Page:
The margins do seem to be very good, far better than the ice cream business. With one caveat. Margins are great on cheap pizza but if you make pizzas with Buffalo Motz, good Olive oil, imported flour, etc, the food cost picture doesn't look quite so attractive. And if you make pizza with everything organic, those ingredients also get pricey. Yes you can charge more, but then you appeal to the fewer, more affluent customers.
Start up costs are minimal, especially if you keep things pure and simple. A wood fired oven, some refrigeration, maybe a mixer and some small stuff. Maybe $25,000 in equipment. If one were to open a homemade ice cream store, equipment would cost at least $100,000. In my store we have closer to $200,000 in equipment. We have huge electric bills and water bills. The refrigeration repairman almost lives in our store.
I think a lot of people fail in opening a business because they are unprepared for how much time and effort is required in running a small business. There are so many hats to wear. Making deposits, paying bills, paying taxes, doing payroll, hiring, scheduling, bank recs, maintenance, adverting and promotion, ordering food supplies, ordering paper supplies. All of these kind of things before you make the dough.
Then when you open a food business, you discover that week ends are when people eat, so thats when you need to work. I haven't had week ends off in 25 years. In fact it is rare that I ever get a full day off. And, when you take a day off, you constantly worry that the store is falling apart. When you have a small business, you can't hire a manager and put it on auto-pilot. You ARE the store. Ignore it and it will go away. I like the way Uno Pizza Naploletano runs his business. He is open only Thursday thru Sunday, "5pm until the fresh dough runs out". He serves nothing but 4 simple pizzas. No salads, no desserts. No nothing, except beer and wine. He will never make a lot of money, but he will have some quality of life. He also makes the best pizza that I have had to date. I will probably try to do something similar.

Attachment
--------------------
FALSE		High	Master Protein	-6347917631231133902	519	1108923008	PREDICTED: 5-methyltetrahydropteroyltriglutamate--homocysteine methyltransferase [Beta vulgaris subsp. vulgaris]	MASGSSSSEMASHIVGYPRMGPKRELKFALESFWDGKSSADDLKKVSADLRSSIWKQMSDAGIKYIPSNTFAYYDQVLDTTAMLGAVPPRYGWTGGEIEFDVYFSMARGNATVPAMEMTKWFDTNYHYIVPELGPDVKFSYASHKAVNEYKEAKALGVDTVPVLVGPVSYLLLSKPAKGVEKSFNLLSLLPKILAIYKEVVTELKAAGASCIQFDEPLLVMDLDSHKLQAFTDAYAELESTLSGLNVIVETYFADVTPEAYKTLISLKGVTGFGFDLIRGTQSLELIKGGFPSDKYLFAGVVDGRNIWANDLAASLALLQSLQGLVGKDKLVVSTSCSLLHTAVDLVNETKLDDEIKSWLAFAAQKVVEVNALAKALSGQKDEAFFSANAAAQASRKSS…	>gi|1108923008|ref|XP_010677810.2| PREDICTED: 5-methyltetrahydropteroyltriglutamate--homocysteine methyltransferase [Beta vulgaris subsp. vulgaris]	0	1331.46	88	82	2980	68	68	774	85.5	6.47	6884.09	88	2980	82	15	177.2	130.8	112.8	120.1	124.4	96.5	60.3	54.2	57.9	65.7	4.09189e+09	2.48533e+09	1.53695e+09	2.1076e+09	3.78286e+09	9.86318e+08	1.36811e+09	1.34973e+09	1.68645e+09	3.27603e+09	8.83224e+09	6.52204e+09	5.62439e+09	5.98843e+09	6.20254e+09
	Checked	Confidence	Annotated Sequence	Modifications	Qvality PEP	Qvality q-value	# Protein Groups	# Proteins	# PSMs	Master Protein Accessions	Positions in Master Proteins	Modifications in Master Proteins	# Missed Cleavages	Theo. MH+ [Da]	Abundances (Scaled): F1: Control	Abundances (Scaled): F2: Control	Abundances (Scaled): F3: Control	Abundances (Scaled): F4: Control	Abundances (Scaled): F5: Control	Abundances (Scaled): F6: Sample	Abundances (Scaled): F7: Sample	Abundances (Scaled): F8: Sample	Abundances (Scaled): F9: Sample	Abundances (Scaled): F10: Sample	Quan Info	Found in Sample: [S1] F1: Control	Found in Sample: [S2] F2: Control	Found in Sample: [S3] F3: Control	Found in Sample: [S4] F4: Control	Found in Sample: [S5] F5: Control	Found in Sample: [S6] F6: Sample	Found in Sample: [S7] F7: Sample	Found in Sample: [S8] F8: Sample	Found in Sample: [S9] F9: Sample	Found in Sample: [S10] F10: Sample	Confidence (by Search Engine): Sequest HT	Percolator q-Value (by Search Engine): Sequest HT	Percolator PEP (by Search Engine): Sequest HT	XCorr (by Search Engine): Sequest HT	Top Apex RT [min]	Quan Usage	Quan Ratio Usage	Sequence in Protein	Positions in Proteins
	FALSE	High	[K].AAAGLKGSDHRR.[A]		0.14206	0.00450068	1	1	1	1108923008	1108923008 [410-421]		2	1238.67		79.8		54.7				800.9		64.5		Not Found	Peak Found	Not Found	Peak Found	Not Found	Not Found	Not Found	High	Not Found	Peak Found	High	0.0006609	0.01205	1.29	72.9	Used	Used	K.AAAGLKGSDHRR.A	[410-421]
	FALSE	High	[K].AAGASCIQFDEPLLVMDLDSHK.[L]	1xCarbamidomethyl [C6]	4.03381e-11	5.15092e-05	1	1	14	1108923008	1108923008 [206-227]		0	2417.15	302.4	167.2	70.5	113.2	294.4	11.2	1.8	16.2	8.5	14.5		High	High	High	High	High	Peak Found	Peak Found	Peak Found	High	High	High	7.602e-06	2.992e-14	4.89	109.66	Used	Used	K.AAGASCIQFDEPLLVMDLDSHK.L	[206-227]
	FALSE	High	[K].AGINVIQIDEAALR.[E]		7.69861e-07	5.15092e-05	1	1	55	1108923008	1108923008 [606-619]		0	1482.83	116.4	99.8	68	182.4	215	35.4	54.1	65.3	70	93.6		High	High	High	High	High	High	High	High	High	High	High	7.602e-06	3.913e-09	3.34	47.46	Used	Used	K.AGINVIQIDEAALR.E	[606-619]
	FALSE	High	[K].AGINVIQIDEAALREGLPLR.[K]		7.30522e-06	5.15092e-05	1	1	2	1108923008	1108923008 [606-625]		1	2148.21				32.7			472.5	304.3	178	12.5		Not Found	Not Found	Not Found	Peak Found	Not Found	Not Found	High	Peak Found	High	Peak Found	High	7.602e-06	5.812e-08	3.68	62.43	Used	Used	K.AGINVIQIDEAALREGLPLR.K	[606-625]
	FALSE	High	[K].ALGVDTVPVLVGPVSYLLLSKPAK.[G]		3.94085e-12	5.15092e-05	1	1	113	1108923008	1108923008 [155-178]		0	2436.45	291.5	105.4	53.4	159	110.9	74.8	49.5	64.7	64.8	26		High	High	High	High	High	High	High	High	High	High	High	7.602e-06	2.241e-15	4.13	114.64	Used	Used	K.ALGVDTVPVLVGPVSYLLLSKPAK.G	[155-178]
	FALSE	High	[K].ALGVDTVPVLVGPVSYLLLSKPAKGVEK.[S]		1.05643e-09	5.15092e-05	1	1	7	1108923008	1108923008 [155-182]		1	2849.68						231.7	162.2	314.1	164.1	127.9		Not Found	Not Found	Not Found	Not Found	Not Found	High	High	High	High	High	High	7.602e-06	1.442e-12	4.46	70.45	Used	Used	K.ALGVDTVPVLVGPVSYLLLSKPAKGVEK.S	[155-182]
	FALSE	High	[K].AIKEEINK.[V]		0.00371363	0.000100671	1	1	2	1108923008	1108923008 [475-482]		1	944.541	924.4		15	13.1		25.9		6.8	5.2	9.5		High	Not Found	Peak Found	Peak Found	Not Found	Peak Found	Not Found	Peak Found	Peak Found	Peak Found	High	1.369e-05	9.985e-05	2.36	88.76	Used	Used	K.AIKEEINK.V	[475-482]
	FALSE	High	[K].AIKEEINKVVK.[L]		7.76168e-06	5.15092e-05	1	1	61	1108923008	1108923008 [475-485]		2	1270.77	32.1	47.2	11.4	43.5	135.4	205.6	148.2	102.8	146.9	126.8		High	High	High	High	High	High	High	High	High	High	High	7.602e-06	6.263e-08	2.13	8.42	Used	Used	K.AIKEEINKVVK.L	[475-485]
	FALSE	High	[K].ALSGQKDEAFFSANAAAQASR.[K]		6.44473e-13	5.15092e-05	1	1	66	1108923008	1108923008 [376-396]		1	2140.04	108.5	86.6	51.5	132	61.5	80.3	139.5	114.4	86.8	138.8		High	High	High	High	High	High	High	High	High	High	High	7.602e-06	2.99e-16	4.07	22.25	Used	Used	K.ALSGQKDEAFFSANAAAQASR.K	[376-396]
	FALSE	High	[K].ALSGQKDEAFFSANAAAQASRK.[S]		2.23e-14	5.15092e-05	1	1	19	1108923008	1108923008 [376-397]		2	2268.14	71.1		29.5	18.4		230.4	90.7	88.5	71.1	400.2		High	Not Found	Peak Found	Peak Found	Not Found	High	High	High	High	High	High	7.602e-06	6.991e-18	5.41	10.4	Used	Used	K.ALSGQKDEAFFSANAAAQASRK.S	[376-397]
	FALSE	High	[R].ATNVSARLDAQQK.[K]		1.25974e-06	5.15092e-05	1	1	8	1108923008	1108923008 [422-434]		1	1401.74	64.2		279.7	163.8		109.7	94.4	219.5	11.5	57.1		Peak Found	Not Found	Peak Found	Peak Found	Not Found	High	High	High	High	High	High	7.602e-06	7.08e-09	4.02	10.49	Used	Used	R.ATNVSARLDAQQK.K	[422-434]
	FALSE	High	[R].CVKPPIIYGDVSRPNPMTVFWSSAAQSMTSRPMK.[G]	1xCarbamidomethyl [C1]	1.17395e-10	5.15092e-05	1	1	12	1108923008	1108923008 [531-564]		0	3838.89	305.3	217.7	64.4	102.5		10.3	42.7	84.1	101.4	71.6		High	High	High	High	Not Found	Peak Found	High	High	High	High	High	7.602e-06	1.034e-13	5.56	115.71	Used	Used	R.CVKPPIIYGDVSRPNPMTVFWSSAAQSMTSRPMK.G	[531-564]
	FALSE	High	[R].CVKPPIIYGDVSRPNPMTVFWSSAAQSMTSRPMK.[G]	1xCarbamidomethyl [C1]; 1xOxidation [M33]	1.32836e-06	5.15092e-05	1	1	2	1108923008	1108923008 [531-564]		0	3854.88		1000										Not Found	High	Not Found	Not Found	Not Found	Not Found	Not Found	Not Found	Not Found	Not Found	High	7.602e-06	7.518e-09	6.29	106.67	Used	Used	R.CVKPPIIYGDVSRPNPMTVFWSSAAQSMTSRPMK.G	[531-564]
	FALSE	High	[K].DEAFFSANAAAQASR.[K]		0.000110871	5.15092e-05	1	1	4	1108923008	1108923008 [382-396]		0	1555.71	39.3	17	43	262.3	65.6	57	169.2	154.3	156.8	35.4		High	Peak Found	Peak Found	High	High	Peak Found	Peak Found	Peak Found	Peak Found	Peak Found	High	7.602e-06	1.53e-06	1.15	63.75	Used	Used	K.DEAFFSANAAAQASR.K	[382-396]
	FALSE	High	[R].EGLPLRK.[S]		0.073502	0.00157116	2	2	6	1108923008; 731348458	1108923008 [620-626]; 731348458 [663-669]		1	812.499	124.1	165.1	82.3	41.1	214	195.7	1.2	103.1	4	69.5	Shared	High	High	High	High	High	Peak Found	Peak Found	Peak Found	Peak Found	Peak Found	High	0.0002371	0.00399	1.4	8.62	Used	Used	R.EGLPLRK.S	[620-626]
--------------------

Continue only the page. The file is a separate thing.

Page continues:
I am of the firm belief that if you put your heart into a business the public will respond. If you set your goals on making the finest pizza, the people will come. If you are excited about what you do, the customers will feel it.
Don't go into business to 'make money'. Go into business because you love what you do. Of course, you need to make money, but it should not be the number one goal. Just get the people in the door once, serve them something outstanding, charge a fair price and treat them like family. They will be your customers for life. The money should take care of itself. Always adhere to those principles. Do it right, or do something else.